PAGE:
Many businesses underestimate the importance of digital transformation, presuming it to be little more than a slight technological enhancement of business operations. However, it's quite a bit more than this and experts suggest that in the future, digitisation of business will affect society at a level comparable to that of the addition of the steam engine or assembly line production.
Since the digital landscape expands every second, the way we do business, shop, gather information, entertain ourselves and life in general will more than likely look nothing like before.
However, digital transformation is not without its' own challenges. Below I have outlined a few challenges to be aware of, as you move through your own transformation.
Digital Transformation can be done in many different ways. You can carry out a limited transformation, introducing a few new technological solutions without touching all of your business processes.
For example, digital transformation across only your supply chain could require an investigation as to how digital applications can enhance your products and services, prices, agility, and stock management. The goal is to strategically and consistently implement processes and organisational changes that use digital technologies to enhance operational excellence.
One of the first challenges is to keep the balance between too little and too much. It could be easier to start with a few technologies. A comprehensive overhaul could possibly bring significant effects, but requires significant planning, investment and will most certainly interrupt short-term operations.
When we think about the difficulties of digital transformation, naturally issues of budgets and security are top of mind. However, there is a more important obstacle to consider: your employees.
Digital transformation by definition involves a significant rework of business operations, the introduction of new technology, and changes in central procedures. All of this requires skillsets your existing employees might not have.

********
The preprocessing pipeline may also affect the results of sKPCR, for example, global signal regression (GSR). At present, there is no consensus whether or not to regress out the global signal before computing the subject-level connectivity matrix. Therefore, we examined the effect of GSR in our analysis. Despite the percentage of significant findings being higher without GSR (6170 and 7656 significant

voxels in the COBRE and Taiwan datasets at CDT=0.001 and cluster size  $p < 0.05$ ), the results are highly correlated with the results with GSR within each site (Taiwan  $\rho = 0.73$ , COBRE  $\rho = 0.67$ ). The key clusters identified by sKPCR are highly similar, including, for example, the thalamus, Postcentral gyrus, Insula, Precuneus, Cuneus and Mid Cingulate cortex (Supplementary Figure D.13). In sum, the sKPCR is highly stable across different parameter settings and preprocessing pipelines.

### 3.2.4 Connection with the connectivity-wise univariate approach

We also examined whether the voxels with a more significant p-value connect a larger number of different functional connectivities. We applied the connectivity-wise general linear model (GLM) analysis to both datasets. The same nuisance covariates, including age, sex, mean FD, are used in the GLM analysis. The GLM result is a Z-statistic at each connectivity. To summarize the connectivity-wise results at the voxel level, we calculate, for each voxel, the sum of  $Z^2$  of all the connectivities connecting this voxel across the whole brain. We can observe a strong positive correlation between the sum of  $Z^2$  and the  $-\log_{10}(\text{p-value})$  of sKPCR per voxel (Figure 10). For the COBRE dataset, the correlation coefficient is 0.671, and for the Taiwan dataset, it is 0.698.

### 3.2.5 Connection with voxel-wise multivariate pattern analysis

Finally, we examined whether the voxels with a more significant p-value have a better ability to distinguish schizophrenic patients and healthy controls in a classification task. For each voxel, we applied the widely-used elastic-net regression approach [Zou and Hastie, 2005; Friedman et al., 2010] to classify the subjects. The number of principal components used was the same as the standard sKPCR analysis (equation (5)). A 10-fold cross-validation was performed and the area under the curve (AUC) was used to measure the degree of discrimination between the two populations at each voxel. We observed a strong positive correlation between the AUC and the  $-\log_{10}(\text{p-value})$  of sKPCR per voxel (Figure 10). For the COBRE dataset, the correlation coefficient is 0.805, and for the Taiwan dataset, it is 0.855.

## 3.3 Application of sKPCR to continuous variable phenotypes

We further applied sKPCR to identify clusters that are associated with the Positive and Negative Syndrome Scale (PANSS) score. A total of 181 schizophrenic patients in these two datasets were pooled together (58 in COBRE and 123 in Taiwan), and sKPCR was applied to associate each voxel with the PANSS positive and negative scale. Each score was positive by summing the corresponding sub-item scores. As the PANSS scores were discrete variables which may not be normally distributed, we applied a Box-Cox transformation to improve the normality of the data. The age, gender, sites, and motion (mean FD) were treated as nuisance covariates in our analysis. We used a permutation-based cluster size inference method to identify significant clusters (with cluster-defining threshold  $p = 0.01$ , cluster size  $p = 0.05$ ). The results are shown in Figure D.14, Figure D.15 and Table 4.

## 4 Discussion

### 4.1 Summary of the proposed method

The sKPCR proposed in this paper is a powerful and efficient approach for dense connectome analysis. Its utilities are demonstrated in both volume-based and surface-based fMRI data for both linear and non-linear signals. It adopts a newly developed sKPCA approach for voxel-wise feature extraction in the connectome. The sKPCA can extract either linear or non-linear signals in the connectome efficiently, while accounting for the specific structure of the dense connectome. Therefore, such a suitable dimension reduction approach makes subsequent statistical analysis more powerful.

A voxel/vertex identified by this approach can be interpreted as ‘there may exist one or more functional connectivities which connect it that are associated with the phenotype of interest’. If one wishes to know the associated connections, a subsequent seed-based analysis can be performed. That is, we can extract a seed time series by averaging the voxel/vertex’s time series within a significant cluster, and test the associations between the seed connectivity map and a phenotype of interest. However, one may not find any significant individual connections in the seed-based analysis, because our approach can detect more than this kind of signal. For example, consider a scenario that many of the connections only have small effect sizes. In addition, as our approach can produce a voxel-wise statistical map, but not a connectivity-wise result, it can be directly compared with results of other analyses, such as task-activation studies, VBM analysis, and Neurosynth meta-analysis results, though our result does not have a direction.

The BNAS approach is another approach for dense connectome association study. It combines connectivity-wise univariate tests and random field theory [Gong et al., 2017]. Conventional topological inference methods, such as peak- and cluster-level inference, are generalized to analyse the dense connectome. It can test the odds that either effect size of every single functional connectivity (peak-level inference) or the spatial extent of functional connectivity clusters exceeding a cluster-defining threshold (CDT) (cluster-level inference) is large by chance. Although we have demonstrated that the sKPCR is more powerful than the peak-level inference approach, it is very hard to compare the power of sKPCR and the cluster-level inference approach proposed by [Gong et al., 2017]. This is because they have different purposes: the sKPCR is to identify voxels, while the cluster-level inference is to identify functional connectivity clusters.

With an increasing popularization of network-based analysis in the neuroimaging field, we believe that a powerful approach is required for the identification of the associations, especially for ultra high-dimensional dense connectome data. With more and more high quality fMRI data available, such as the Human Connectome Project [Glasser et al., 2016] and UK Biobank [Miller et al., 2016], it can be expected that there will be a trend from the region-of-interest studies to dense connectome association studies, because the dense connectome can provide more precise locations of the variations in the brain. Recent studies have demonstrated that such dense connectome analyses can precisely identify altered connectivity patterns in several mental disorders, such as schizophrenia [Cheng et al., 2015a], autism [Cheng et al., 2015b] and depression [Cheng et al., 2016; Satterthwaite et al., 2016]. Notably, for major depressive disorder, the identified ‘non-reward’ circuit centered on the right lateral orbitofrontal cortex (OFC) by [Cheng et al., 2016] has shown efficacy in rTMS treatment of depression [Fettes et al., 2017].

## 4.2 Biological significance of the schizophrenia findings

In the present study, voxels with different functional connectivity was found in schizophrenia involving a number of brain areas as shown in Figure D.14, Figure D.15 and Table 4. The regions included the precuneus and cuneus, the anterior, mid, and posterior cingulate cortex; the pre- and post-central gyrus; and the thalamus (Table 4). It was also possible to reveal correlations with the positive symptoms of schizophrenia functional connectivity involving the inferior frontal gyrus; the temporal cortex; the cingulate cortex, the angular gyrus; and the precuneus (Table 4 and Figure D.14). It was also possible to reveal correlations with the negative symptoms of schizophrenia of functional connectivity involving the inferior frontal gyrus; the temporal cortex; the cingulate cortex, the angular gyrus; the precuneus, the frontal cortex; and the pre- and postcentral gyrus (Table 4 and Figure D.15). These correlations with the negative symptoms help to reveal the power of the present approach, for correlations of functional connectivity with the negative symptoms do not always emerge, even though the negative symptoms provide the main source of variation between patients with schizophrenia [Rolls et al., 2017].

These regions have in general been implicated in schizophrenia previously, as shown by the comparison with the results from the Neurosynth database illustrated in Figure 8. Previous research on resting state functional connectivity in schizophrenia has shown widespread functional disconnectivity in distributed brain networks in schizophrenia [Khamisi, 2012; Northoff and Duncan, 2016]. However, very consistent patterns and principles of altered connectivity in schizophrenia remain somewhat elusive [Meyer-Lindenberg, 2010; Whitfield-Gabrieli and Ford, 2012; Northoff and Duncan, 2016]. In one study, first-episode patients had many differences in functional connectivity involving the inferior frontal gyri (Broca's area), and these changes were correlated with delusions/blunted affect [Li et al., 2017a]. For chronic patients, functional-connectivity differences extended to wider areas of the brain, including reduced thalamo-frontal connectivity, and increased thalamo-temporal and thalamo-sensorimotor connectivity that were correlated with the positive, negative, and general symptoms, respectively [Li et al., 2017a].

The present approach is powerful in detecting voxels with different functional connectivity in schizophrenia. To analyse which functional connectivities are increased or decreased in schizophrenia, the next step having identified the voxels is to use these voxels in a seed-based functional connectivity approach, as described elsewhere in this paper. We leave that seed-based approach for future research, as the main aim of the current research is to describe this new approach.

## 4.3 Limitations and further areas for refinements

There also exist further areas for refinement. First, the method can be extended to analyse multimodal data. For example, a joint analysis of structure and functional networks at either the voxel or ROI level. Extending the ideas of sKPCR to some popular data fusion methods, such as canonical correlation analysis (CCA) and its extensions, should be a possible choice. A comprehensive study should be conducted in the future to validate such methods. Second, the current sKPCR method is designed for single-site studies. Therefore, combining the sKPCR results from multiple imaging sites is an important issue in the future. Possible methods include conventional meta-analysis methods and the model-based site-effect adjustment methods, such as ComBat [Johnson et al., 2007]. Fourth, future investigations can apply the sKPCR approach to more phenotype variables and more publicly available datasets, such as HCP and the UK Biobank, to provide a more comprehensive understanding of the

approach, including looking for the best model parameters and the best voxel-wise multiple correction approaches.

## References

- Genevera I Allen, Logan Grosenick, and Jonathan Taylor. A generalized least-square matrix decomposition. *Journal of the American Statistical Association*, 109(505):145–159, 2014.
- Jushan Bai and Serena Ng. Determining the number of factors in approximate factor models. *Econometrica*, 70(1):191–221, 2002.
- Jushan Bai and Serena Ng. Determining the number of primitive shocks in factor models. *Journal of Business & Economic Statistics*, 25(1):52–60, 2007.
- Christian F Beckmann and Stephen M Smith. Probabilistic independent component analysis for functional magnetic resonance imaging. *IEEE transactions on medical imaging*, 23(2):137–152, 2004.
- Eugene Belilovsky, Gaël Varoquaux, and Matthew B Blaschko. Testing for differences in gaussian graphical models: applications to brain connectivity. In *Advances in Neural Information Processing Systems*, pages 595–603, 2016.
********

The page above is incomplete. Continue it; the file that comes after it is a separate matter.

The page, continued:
Digital transformation needs to become adjacent to employee training and re-skilling programs, and be aware of employee resistance, because it will be there.
Digital transformation can be perceived as a costly. It takes a substantial upfront investment and can negatively affect the efficiency of your organisation in the immediate, to short term. Budgeting for digital transformation often means budgeting for the unknown, since there is no cookie cutter approach to suit every organisation.. However, careful preparation, cooperation with consultants, and low-cost third party SaaS technology can significantly reduce costs.
Although technologies commonly related to digital transformation (e.g., the Internet of Things (IoT), cloud technology, automation, machine learning, mobility, etc) undoubtedly offer you many benefits, they could result in a plethora of security risks too.
As there are many more entry points, business owners should understand that their users (both clients and staff) constitute the most significant security threat. They're people, and people tend to make mistakes and get duped by criminals. So, the goal is to educate your users about security practices to decrease your risks.
Employees might be inconvenienced by the digital transformation of your business and troubled by the concept, that they'll have to embrace new practices. However, in the long run, they have no choice but to accept the change. Regarding clients, the situation is different -- if they are inconvenienced by the new practices, they will simply leave and try to find a business that better matches their needs for a frictionless and more pleasant experience.
People are inclined to get set in their ways and do not take kindly to change.
Therefore, you need to ease them into new systems and clearly convey the benefits.
The important notion about digital transformation is that it isn't optional. On a large or small scale, you will need to go through it, which means it's sensible to prepare for these challenges today.